Scarlatti was appointed as a composer and organist at the Chapel Royal of Naples in 1701 and briefly worked under his father, who was then the chapel's maestro di cappella. In 1703 he revised Carlo Francesco Pollarolo's opera Irene for performance at Naples. Soon after, his father sent him to Venice. After this, nothing is known of his life until 1709, when he went to Rome and entered the service of the exiled Polish queen Marie Casimire. It was there he met Thomas Roseingrave. Scarlatti was already an accomplished harpsichordist; there is a story of a trial of skill with George Frideric Handel at the palace of Cardinal Ottoboni in Rome, where Scarlatti was judged possibly superior to Handel on the harpsichord, although inferior on the organ. Later in life, he was known to cross himself in veneration when speaking of Handel's skill.[3]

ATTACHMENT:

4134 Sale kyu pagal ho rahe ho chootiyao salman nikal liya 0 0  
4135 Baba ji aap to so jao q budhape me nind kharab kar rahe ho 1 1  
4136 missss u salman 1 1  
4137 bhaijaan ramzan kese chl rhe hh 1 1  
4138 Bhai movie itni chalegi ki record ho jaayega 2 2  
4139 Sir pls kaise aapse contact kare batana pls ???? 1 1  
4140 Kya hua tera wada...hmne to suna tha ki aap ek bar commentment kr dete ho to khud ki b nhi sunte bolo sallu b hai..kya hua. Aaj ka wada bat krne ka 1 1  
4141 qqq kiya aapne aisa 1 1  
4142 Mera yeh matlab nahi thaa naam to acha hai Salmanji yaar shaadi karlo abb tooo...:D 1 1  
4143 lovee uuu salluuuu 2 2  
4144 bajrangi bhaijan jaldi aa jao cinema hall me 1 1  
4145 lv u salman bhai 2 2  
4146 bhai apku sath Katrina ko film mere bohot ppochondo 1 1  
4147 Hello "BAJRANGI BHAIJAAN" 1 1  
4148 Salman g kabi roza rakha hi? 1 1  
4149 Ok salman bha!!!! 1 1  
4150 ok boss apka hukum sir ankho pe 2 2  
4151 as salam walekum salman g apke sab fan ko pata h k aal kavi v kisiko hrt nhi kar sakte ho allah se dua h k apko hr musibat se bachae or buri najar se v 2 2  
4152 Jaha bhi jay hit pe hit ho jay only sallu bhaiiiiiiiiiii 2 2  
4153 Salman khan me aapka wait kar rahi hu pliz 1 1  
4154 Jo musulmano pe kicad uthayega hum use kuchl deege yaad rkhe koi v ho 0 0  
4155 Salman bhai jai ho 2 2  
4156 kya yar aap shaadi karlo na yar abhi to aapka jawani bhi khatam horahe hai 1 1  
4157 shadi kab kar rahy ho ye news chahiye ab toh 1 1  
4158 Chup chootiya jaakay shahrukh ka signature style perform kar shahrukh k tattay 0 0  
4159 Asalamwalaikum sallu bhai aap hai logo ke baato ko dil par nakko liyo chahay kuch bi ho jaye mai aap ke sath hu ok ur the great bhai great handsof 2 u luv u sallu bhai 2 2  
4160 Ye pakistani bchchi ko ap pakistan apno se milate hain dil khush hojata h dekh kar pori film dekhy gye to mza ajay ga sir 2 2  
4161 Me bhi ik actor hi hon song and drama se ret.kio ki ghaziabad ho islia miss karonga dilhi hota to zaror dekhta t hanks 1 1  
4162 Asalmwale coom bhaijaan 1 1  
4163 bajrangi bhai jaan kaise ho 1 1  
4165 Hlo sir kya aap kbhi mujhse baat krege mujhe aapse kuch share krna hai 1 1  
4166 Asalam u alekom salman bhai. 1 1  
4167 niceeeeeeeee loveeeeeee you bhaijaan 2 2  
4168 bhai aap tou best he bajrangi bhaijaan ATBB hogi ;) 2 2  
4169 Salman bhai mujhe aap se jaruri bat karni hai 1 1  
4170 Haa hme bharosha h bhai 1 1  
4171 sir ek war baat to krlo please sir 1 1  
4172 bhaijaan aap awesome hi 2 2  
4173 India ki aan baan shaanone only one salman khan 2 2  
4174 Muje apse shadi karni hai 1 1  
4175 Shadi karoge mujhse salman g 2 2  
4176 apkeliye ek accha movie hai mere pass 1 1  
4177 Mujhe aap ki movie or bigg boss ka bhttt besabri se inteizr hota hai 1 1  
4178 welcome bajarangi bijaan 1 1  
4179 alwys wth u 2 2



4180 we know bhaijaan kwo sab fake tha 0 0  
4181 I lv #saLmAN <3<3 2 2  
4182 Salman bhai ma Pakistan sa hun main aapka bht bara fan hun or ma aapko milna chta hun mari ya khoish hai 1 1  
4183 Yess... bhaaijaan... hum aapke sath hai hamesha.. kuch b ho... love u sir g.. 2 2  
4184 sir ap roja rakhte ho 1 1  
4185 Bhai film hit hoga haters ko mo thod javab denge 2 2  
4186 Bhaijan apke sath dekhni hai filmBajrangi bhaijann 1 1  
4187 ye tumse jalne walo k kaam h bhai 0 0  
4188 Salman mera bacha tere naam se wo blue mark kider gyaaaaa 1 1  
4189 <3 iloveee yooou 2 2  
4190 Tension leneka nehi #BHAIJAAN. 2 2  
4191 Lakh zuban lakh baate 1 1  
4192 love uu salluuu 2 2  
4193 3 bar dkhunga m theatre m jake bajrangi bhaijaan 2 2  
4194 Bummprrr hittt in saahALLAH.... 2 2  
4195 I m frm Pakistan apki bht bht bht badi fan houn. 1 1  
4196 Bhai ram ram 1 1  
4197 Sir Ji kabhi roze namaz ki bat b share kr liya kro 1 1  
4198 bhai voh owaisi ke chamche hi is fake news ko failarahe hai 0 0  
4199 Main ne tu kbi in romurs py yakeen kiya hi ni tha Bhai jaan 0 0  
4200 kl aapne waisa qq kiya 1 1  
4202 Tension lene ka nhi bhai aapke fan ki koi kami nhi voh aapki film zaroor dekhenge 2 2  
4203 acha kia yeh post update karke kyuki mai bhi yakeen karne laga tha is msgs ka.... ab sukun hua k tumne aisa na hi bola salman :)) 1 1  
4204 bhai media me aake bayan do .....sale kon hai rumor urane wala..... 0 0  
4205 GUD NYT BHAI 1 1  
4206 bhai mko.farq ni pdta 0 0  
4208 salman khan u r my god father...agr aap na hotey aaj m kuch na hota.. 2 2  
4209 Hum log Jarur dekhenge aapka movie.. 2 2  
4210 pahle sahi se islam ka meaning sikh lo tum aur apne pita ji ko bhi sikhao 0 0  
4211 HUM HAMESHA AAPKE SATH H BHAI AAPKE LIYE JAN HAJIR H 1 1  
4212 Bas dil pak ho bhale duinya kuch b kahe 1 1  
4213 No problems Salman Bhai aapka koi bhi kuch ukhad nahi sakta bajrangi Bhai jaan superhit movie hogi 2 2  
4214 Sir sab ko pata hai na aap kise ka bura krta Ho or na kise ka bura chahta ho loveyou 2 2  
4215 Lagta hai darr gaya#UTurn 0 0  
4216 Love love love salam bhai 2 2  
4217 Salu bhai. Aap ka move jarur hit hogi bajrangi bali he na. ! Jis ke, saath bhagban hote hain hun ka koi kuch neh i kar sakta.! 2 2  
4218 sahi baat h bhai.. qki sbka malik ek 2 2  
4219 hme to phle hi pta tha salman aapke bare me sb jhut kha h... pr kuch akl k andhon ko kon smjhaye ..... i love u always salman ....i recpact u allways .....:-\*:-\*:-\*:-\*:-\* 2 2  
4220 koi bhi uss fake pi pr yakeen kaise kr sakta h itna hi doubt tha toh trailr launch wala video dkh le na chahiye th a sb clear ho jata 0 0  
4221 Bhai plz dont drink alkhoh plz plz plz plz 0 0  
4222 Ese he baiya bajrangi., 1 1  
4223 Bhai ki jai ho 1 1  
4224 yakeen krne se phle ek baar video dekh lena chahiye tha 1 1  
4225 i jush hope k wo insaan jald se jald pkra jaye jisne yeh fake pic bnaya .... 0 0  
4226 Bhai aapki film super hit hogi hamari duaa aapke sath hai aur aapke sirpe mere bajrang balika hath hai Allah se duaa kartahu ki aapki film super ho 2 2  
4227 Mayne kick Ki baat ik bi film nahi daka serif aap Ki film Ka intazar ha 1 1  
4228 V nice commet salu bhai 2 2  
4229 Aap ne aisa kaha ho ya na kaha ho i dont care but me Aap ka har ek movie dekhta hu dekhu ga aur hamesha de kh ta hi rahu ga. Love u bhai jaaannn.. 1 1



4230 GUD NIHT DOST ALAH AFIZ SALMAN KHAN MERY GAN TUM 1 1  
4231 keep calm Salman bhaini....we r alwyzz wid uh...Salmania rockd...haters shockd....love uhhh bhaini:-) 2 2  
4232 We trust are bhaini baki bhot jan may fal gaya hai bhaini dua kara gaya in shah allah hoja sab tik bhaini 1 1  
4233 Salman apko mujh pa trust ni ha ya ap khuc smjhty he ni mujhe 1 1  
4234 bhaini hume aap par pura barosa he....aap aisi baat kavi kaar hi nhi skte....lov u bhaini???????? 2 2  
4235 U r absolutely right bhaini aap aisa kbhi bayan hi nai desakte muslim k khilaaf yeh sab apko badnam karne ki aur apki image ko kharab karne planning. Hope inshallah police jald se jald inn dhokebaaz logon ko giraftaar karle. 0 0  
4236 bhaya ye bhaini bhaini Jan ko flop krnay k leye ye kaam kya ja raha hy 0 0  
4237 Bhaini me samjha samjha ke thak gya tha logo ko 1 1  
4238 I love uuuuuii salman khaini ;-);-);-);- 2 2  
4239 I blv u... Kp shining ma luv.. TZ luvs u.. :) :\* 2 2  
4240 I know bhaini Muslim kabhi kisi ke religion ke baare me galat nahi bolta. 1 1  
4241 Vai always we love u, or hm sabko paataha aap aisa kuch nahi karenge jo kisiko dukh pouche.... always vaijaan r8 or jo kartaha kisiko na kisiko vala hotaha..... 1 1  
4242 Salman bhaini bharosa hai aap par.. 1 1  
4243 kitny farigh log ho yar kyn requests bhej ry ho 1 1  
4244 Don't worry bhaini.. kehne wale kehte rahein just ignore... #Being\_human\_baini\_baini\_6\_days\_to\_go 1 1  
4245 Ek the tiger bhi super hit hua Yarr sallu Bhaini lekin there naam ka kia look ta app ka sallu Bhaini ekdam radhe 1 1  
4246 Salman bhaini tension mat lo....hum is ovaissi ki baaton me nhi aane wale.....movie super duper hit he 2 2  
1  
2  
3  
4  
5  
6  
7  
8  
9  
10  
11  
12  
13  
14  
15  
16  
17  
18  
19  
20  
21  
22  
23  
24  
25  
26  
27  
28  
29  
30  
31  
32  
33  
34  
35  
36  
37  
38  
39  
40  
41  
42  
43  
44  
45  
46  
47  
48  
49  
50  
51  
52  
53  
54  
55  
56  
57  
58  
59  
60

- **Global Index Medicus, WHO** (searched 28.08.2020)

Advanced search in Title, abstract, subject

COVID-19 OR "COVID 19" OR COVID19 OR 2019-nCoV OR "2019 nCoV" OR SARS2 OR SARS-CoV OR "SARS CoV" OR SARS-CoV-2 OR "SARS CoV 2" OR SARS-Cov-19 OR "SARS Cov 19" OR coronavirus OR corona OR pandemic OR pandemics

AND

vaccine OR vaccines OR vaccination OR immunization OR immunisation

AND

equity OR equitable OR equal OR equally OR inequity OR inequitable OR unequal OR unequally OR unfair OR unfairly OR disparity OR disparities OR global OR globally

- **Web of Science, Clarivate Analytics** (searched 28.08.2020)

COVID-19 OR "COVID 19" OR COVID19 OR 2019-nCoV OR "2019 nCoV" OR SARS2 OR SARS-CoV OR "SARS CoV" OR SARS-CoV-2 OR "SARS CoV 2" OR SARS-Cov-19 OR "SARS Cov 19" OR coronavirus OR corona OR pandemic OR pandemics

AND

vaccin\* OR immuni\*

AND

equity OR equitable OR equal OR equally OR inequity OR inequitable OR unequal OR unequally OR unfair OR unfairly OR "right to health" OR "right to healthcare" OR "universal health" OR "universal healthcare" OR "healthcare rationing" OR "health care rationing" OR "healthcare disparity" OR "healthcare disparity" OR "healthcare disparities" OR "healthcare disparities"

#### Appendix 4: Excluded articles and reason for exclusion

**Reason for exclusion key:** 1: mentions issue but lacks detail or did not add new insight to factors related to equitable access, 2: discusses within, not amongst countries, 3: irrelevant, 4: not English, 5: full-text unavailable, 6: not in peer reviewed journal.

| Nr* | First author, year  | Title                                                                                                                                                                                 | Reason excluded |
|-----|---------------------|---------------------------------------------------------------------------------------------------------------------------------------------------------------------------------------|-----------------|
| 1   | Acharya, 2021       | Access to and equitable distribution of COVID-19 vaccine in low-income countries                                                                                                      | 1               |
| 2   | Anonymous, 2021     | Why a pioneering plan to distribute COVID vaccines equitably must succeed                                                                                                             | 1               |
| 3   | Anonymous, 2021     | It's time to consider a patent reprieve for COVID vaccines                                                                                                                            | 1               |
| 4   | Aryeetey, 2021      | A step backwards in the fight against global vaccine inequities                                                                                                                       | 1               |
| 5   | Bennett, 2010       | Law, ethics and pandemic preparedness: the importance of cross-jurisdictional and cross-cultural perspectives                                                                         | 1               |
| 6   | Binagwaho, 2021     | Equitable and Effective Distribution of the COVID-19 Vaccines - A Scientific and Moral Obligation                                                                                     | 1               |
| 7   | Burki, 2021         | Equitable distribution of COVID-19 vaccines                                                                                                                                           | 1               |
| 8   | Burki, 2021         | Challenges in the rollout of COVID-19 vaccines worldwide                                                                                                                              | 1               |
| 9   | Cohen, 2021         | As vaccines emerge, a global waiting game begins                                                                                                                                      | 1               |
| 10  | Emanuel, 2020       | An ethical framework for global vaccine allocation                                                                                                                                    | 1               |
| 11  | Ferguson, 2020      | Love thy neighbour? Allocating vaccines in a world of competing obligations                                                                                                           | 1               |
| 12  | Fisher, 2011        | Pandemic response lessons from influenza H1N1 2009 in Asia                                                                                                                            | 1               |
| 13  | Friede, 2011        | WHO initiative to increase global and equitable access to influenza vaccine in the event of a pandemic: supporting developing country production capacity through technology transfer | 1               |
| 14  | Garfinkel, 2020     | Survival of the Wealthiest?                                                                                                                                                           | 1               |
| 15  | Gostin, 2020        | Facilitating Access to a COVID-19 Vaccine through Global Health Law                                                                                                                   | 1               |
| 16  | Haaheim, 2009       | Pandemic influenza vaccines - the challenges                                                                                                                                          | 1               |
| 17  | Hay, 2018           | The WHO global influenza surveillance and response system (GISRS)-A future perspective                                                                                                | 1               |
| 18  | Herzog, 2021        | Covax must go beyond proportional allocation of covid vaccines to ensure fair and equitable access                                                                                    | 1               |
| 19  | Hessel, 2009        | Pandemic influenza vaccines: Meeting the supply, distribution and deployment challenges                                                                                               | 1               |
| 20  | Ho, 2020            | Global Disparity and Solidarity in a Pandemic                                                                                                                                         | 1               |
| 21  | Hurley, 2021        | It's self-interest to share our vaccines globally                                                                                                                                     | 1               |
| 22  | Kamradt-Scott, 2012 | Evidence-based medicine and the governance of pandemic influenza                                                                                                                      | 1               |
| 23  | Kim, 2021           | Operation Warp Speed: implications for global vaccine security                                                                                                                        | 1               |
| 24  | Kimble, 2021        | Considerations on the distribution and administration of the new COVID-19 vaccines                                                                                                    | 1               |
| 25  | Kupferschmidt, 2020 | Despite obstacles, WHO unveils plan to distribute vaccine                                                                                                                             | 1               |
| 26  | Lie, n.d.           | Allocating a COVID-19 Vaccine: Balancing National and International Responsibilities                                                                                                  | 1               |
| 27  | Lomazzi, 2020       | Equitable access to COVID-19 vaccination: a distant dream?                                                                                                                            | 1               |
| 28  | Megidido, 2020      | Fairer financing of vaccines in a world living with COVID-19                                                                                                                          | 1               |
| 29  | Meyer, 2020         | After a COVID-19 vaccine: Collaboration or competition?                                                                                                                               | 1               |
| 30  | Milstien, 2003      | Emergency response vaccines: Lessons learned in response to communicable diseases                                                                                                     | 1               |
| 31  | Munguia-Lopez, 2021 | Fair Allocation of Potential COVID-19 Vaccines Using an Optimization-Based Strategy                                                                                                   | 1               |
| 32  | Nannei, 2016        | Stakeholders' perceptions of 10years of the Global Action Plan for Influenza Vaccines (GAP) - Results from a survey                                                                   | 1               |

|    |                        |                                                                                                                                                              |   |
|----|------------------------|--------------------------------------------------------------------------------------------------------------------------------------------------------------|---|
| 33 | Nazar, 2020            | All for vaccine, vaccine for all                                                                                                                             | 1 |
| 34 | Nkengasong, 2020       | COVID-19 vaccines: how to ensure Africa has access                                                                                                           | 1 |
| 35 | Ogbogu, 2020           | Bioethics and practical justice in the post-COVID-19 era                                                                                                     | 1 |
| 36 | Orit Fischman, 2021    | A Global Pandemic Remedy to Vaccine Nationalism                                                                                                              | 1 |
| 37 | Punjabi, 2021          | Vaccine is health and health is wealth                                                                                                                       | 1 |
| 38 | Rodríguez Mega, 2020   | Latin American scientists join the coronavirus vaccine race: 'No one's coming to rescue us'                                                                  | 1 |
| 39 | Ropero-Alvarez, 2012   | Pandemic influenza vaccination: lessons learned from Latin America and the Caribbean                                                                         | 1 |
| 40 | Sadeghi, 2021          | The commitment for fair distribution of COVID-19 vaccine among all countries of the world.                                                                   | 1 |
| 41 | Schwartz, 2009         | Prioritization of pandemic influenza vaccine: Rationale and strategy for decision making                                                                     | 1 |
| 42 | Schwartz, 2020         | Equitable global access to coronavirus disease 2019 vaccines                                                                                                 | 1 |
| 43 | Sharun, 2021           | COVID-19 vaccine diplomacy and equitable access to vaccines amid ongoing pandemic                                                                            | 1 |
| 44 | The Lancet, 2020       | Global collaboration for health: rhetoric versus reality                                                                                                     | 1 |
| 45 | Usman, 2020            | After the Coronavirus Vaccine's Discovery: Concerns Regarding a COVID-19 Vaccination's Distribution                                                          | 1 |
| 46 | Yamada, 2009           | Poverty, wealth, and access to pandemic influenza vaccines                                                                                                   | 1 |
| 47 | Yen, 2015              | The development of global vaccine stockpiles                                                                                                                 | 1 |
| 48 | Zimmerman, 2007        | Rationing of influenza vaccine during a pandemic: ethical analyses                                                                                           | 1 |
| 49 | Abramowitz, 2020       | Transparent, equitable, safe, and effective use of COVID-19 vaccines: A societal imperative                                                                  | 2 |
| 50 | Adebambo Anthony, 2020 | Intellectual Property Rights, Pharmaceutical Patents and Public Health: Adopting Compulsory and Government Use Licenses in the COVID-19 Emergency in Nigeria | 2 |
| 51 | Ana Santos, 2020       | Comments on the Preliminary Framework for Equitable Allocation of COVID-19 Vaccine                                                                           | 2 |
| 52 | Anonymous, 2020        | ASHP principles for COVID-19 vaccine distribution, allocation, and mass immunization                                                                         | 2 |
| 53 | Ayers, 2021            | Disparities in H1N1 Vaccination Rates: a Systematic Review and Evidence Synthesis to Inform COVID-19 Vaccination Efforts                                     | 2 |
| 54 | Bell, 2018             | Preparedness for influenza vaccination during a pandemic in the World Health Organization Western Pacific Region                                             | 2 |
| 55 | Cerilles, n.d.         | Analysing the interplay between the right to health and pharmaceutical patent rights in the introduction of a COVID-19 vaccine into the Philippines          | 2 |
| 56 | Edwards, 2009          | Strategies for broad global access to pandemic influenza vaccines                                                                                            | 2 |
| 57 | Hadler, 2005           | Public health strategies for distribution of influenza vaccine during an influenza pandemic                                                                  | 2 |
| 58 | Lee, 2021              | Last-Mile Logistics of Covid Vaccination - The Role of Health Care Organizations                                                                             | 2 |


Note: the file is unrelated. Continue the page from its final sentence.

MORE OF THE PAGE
While in Rome, Scarlatti composed several operas for Queen Casimir's private theatre. He was Maestro di Cappella at St. Peter's from 1715 to 1719. In 1719 he travelled to London to direct his opera Narciso at the King's Theatre.

According to Vicente Bicchi, Papal Nuncio in Portugal at the time, Scarlatti arrived in Lisbon on 29 November 1719. There he taught music to the Portuguese princess Maria Magdalena Barbara. He left Lisbon on 28 January 1727 for Rome, where he married Maria Caterina Gentili on 6 May 1728. In 1729 he moved to Seville, staying for four years. In 1733, he went to Madrid as a music master to Princess Maria Barbara, who had married into the Spanish royal house. She later became Queen of Spain. Scarlatti remained in Spain for the remaining 25 years of his life and had five children there. After his wife died in 1739, he married a Spaniard, Anastasia Maxarti Ximenes. Among his compositions during his time in Madrid were most of the 555 keyboard sonatas for which he is best known.